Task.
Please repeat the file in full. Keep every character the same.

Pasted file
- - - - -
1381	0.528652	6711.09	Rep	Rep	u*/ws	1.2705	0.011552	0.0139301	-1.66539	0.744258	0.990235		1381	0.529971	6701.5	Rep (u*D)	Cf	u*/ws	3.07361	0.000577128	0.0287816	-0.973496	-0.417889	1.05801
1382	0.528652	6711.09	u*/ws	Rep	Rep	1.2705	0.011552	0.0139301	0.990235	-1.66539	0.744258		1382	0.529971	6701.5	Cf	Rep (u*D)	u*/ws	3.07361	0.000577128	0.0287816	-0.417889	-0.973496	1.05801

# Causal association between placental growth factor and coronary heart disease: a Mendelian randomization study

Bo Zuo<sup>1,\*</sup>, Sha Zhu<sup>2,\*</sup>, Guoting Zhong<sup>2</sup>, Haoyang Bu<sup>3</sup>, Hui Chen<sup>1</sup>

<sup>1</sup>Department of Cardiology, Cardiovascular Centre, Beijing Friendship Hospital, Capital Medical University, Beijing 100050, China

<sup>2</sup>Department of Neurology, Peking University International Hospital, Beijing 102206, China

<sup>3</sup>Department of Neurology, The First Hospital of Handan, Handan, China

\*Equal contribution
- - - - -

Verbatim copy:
1381	0.528652	6711.09	Rep	Rep	u*/ws	1.2705	0.011552	0.0139301	-1.66539	0.744258	0.990235		1381	0.529971	6701.5	Rep (u*D)	Cf	u*/ws	3.07361	0.000577128	0.0287816	-0.973496	-0.417889	1.05801
1382	0.528652	6711.09	u*/ws	Rep	Rep	1.2705	0.011552	0.0139301	0.990235	-1.66539	0.744258		1382	0.529971	6701.5	Cf	Rep (u*D)	u*/ws	3.07361	0.000577128	0.0287816	-0.417889	-0.973496	1.05801

# Causal association between placental growth factor and coronary heart disease: a Mendelian randomization study

Bo Zuo<sup>1,\*</sup>, Sha Zhu<sup>2,\*</sup>, Guoting Zhong<sup>2</sup>, Haoyang Bu<sup>3</sup>, Hui Chen<sup>1</sup>

<sup>1</sup>Department of Cardiology, Cardiovascular Centre, Beijing Friendship Hospital, Capital Medical University, Beijing 100050, China

<sup>2</sup>Department of Neurology, Peking University International Hospital, Beijing 102206, China

<sup>3</sup>Department of Neurology, The First Hospital of Handan, Handan, China

\*Equal contribution